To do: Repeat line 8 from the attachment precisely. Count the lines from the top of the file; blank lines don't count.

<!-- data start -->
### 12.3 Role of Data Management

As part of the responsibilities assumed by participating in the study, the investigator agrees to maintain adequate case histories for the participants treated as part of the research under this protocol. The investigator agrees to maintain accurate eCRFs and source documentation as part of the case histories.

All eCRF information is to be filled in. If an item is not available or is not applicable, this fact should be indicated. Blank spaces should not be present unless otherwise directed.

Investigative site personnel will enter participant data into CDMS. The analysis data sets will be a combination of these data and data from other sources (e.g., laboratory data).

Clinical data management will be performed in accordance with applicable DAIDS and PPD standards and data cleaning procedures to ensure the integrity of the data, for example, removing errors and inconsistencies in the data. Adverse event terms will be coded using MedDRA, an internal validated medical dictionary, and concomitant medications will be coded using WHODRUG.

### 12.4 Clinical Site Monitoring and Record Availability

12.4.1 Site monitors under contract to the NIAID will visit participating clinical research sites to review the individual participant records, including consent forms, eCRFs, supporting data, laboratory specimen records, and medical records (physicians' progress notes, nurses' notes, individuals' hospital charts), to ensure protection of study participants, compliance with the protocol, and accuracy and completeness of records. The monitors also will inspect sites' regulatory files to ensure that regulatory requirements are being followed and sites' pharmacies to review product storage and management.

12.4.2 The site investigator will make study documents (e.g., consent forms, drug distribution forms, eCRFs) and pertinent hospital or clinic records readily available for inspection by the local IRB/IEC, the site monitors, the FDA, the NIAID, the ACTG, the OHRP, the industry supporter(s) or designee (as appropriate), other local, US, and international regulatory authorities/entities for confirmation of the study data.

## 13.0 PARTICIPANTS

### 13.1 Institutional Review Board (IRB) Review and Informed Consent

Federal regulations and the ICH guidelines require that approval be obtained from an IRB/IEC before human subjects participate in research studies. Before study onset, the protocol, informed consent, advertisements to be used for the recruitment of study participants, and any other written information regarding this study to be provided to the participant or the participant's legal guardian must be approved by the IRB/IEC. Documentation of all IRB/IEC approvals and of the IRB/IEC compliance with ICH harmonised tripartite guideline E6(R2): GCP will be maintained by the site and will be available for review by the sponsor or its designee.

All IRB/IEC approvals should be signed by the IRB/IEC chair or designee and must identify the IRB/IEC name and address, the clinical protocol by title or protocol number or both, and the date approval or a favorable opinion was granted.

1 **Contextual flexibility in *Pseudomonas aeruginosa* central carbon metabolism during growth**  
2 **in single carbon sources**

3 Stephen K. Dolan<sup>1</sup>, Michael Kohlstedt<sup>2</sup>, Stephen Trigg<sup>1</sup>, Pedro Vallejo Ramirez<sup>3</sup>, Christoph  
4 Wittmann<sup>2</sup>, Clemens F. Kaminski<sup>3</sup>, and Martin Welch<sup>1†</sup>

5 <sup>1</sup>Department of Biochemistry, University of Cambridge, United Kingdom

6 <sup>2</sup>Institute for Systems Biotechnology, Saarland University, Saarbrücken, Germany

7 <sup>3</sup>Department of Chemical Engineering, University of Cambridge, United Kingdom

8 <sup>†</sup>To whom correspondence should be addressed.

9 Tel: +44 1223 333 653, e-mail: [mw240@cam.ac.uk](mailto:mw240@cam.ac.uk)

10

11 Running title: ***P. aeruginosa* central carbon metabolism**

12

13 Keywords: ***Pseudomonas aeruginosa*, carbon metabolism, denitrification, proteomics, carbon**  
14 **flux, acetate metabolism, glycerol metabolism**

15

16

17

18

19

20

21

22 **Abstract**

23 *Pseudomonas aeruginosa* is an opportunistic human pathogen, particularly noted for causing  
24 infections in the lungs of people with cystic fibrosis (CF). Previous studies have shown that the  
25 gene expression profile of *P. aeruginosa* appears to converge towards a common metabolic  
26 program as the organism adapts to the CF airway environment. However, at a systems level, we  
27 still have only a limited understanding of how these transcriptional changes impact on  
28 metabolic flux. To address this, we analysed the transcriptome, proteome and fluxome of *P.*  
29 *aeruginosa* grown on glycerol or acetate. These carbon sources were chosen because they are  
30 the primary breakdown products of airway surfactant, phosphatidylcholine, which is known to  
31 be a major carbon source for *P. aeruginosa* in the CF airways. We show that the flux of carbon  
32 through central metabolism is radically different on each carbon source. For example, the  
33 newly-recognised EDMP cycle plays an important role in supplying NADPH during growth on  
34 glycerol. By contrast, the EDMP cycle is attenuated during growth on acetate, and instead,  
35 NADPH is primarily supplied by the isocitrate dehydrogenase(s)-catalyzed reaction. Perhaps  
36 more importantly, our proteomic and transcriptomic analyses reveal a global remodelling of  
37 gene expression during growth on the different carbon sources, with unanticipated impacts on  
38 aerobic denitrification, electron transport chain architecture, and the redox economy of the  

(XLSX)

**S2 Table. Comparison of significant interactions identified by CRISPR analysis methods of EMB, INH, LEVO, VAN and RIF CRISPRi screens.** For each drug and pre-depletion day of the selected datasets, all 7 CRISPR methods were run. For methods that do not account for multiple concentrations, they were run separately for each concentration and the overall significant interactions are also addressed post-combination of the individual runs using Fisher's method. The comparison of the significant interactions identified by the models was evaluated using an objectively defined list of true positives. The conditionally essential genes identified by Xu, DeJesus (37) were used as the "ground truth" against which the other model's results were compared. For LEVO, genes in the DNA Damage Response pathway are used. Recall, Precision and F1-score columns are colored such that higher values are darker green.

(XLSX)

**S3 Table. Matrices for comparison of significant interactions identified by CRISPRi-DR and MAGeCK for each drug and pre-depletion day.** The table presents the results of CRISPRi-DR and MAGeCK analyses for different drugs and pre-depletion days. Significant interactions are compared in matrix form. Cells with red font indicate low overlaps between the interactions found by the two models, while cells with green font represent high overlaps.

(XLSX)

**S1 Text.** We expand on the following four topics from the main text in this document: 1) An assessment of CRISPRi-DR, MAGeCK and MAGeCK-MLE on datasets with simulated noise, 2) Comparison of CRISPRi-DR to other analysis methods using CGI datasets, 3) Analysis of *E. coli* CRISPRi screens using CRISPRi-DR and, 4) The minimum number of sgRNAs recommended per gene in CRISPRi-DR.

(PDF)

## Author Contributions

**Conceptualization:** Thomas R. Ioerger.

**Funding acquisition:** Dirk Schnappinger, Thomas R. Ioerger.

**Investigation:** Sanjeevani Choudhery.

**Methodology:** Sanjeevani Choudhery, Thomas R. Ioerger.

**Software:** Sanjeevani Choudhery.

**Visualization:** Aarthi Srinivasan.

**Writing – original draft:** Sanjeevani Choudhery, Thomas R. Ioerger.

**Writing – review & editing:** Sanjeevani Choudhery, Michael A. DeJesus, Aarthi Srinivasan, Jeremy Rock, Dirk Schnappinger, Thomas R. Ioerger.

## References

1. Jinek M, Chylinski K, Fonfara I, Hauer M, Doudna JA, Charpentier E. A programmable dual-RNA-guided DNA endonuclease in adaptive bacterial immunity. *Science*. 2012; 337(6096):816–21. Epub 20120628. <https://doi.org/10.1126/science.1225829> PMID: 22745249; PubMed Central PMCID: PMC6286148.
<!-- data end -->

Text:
12.4.2 The site investigator will make study documents (e.g., consent forms, drug distribution forms, eCRFs) and pertinent hospital or clinic records readily available for inspection by the local IRB/IEC, the site monitors, the FDA, the NIAID, the ACTG, the OHRP, the industry supporter(s) or designee (as appropriate), other local, US, and international regulatory authorities/entities for confirmation of the study data.